Surname: Martin

Ralph Bacon Genealogy

The Bacon Family Genealogy descends the Bacon family tree through the children of Ralph Bacon, 2nd. Ralph was born in New York State abt the year 1777. At the age of 17, about the year 1794, he traveled to Painesville Ohio. Eventually acquiring some land there, he would marry Mary Jourden in 1801. In 1820 he moved his family to Crawford County, Ohio, owning houses and land in the townships of Liberty and Whetstone. His wife died 5 Oct 1845, he died 15 Jun 1849. This union would produce 13 offspring, twelve of whom would marry and raise families of their own. This Bacon Family Genealogy is their story.

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Genealogical and Family History of Vermont

Hiram Charlton took on the publication of the Genealogical and Family History of the State of Vermont for Lewis Publishing. In it, he enlisted the assistance of living residents of the state in providing biographical and genealogical details about their family, and then he published all 1104 family histories in two distinct volumes.

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Claybank Cemetery Ozark Alabama

Margaret Claybank Cemetery is located about two miles from Ozark, Alabama on Ozark – Daleville Highway. This cemetery enumeration was performed in 1948 by Eustus Hayes and as such will provide details on headstones which may no longer be present in the cemetery. Lizzie E. Dowling June 25, 1853 – Oct 31, 1938. Wife of N. B. Dowling. N. B. Dowling Aug 15, 1853 – Mar 28, 1938. Hus of Lizzie E. Dowling. Leila Belle Dowling May 26, 1876 – Jan 14, 1933. Dau of S. L. & Sarah Jane Dowling. Samuel L. Dowling Nov 3, 1841 – Jan...

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The Discovery Of This Continent, it’s Results To The Natives

In the year 1470, there lived in Lisbon, a town in Portugal, a man by the name of Christopher Columbus, who there married Dona Felipa, the daughter of Bartolome Monis De Palestrello, an Italian (then deceased), who had arisen to great celebrity as a navigator. Dona Felipa was the idol of her doting father, and often accompanied him in his many voyages, in which she soon equally shared with him his love of adventure, and thus became to him a treasure indeed not only as a companion but as a helper; for she drew his maps and geographical charts, and...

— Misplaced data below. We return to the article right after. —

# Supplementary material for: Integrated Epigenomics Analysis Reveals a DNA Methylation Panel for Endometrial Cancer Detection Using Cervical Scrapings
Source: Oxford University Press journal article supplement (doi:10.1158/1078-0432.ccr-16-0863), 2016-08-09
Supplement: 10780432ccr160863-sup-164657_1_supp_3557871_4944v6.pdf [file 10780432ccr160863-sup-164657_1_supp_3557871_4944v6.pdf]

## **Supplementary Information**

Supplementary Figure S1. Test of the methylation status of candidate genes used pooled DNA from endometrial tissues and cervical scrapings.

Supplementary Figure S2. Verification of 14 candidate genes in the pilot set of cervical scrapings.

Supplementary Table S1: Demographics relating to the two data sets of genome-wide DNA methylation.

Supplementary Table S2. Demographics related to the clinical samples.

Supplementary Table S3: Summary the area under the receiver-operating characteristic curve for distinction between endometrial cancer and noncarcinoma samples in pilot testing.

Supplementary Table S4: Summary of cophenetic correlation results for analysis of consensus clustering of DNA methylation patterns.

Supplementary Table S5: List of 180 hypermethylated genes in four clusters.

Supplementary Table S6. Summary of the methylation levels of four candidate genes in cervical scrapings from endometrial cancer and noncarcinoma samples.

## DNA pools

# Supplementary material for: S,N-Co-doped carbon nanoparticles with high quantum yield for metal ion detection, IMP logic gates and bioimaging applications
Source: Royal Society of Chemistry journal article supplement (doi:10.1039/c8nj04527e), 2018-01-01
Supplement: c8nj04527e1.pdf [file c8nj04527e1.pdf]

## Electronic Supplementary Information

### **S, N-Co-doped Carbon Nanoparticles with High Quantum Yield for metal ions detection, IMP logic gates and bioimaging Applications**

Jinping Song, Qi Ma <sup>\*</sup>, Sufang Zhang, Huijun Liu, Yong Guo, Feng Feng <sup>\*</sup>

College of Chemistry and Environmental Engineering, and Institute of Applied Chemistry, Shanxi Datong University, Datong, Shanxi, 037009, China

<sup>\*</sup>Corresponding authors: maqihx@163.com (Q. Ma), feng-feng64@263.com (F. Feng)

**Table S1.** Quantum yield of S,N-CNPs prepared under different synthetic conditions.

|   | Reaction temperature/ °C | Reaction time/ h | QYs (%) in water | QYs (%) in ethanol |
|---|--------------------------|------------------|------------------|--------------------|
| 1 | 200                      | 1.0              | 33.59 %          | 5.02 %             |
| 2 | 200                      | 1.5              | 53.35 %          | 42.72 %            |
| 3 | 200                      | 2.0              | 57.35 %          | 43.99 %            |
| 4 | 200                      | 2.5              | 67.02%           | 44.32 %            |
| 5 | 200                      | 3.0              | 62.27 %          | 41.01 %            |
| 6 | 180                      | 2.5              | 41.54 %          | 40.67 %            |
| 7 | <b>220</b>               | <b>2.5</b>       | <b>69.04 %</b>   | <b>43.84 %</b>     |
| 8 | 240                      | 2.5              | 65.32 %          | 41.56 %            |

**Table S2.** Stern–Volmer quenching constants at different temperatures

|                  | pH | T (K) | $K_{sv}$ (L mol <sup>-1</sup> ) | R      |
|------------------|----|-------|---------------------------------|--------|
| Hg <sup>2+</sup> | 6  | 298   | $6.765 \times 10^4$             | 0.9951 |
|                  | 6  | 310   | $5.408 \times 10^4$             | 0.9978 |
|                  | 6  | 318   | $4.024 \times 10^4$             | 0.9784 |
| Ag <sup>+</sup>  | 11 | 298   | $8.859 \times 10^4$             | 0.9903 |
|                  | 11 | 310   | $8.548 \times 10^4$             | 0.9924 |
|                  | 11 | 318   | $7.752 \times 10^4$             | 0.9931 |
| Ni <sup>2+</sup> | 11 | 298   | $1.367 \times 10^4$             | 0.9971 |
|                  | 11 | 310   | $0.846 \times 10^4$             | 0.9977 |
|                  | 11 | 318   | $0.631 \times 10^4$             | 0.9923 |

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Narrative of Mrs. Clendenin – Indian Captivities

Narrative of the Destruction of the Settlement of Green-Brier, Virginia, together with the capture and surprising conduct of Mrs. Clendenin, who was among those Who Escaped the Tomahawk of the Indians at that Massacre. 1Whether the following narrative was ever in print, except as it stands in Mr. Martin’s Gazetteer of Virginia, I have never learned. It would seem from the following note accompanying it in that work, “that it was extracted from memoirs of Indian wars on the western frontiers of Virginia, communicated to the Philosophical Society of Virginia, by Charles A. Stuart, Esq., of Augusta Co.” Ed. After peace was confirmed between England and France in the year 1761, the Indians commenced hostilities in 1763, 2 Hostilities had not ceased between the whites and the Indians, as will be seen by a reference to the Chronicles of the Indians for this and the preceding years. Ed.  when all the inhabitants in Greenbrier were totally cut off by a party of Indians, headed by the chief warrior Cornstalk. 3 The life and barbarous death of this great chief are given at length in the Book of the Indians, v. 42, 44. Ed  The principal settlements were on Muddy Creek. These Indians, in number about sixty, introduced themselves into the people’s houses under the mask of friendship, where every civility was offered them by the people, providing them with victuals...

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The French In Alabama And Mississippi

After the Spanish invasion of De Soto, to which allusion has so often been made, our soil remained untrodden by European feet for nearly a century and a half. At the end of that long and dark period it became connected with the history of the distant dark period it became connected with the history of the distant French possessions of Canada, which were contemporaneous with the oldest English colonies in America. For more than fifty years the French fur traders of Canada, associated with the enterprising Jesuit Fathers, had continued to advance southwestward upon the great lakes, discovering new regions, different races of Indians, more abundant game, and wider and brighter waters. At length, from the tribes upon the southern shores of Lake Superior, Father Allouez heard some vague reports of a great western river. Subsequently, Father Marquette was dispatched from Quebec with Joliet, a trader of that place, five other Frenchmen, and a large number of Indian guides, to seek the Mississippi, and thus add new regions to the dominion of France, and new missions of the empire of the Jesuits. Ascending Fox River to the head of navigation, and crossing the portage to the banks of the Wisconsin, with birch bark canoes, the adventurers again launched their tiny boats and floated down to the Mississippi river. Descending it to the mouth of the Arkansas, and encountering...